Historically, climate change has not been comprehensively taught in U.S. schools, largely because of the partisanship surrounding climate change and many teachers’ limited grasp of the science behind it. That started to change in 2013, with the release of new national science standards, which instructed science teachers to introduce students to climate change and its human causes starting in middle school. Still, only 20 states have adopted the standards. A 2020 report from the National Center for Science Education and Texas Freedom Network Education Fund found that many states that didn’t follow the new guidance weren’t explicit in their standards about the human causes of climate change, and a few even promoted falsehoods about its causes and degree of seriousness. Meanwhile, discussion of climate change outside of science class remains relatively rare, educators and experts say.
New Jersey is trying to change that, but it’s not a simple task. Like teachers around the country, educators here are exhausted after years of Covid disruptions, and, as elsewhere, some schools face dire teacher shortages. On top of this, many educators don’t feel prepared to teach climate change: A 2021 survey of 164 New Jersey teachers found that many lacked confidence in their knowledge of the subject, and some held misconceptions about it, confusing the problem with other environmental issues such as plastic pollution.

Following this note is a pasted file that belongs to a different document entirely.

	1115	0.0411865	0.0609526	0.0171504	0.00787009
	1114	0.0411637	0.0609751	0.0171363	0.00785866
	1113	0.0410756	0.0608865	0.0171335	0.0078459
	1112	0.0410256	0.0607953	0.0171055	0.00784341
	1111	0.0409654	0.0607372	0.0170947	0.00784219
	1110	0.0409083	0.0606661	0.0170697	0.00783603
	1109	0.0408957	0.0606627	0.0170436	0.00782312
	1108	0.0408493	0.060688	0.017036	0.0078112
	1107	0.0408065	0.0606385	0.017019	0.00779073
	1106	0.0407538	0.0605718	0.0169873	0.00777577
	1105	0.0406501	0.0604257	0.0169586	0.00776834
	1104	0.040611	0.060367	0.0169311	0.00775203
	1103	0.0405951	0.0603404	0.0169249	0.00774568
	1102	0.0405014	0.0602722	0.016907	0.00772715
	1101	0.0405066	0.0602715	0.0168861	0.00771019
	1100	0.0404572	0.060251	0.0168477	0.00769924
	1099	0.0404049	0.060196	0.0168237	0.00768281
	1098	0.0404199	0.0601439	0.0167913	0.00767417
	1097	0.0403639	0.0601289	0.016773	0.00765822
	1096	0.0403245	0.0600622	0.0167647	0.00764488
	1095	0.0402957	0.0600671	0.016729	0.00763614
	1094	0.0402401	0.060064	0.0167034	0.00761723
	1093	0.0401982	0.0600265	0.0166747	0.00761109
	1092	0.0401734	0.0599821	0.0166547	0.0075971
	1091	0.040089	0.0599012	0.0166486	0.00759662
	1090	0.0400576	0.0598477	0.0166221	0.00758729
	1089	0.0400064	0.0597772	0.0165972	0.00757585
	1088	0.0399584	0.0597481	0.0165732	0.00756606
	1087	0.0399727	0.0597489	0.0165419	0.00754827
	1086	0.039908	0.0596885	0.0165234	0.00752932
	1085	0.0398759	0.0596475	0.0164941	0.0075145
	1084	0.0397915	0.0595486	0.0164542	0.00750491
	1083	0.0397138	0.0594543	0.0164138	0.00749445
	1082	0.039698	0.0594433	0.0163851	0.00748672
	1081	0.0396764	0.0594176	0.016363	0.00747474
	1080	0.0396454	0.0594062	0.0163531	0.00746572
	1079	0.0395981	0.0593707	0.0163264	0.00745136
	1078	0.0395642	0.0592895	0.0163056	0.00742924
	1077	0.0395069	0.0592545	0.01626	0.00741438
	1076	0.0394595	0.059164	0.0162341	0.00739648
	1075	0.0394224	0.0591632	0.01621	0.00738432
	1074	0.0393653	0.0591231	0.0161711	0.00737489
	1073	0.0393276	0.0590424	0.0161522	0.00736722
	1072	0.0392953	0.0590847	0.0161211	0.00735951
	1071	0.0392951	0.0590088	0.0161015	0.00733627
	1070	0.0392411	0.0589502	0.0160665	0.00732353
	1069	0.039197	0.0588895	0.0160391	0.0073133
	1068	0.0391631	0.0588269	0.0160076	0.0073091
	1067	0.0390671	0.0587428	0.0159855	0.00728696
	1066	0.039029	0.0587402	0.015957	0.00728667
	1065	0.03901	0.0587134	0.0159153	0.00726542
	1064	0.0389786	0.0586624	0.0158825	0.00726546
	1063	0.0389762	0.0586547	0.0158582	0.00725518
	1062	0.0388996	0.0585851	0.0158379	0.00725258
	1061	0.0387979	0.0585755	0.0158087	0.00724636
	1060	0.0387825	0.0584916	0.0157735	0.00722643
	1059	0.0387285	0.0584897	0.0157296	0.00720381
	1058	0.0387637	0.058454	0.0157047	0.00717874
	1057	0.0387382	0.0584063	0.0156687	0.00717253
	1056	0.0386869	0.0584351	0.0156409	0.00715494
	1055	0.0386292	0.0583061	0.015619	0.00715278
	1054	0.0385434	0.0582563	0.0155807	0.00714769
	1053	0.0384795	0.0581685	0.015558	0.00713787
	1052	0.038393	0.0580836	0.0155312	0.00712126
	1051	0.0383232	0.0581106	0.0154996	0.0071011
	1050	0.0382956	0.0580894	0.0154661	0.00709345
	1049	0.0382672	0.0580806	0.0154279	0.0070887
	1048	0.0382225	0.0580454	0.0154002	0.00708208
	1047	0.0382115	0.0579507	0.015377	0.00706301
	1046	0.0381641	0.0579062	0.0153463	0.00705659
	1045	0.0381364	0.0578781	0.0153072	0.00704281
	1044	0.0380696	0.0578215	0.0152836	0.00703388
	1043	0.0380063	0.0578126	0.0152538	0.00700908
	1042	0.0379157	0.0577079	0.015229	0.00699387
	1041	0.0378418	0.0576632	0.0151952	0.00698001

For now, the climate instruction requirements haven’t faced much pushback from climate deniers and conservatives, who’ve trained their attacks instead on the state’s new sex-education standards. But state officials anticipate some criticism as the lessons begin to roll out in classrooms.
A more pressing concern — and one that plagues any education initiative because of local control of schools — is that the lessons are rolling out unevenly across the state. Schools in affluent towns like Pennington tend to have more time and resources to introduce new instruction; schools in poorer communities, like Camden, that are often the most vulnerable to climate disasters, may lack the resources to do so.
“I am happy to see New Jersey as a pioneer of climate change standards,” said Maria Santiago-Valentin, co-founder of the Atlantic Climate Justice Alliance, a group that works to mitigate the disproportionate harm of climate change on marginalized communities. But, she said, the standards will need to be revised if they fail to adequately emphasize the unequal impact of climate change on Black and Hispanic communities or ensure that students in those communities receive the instruction.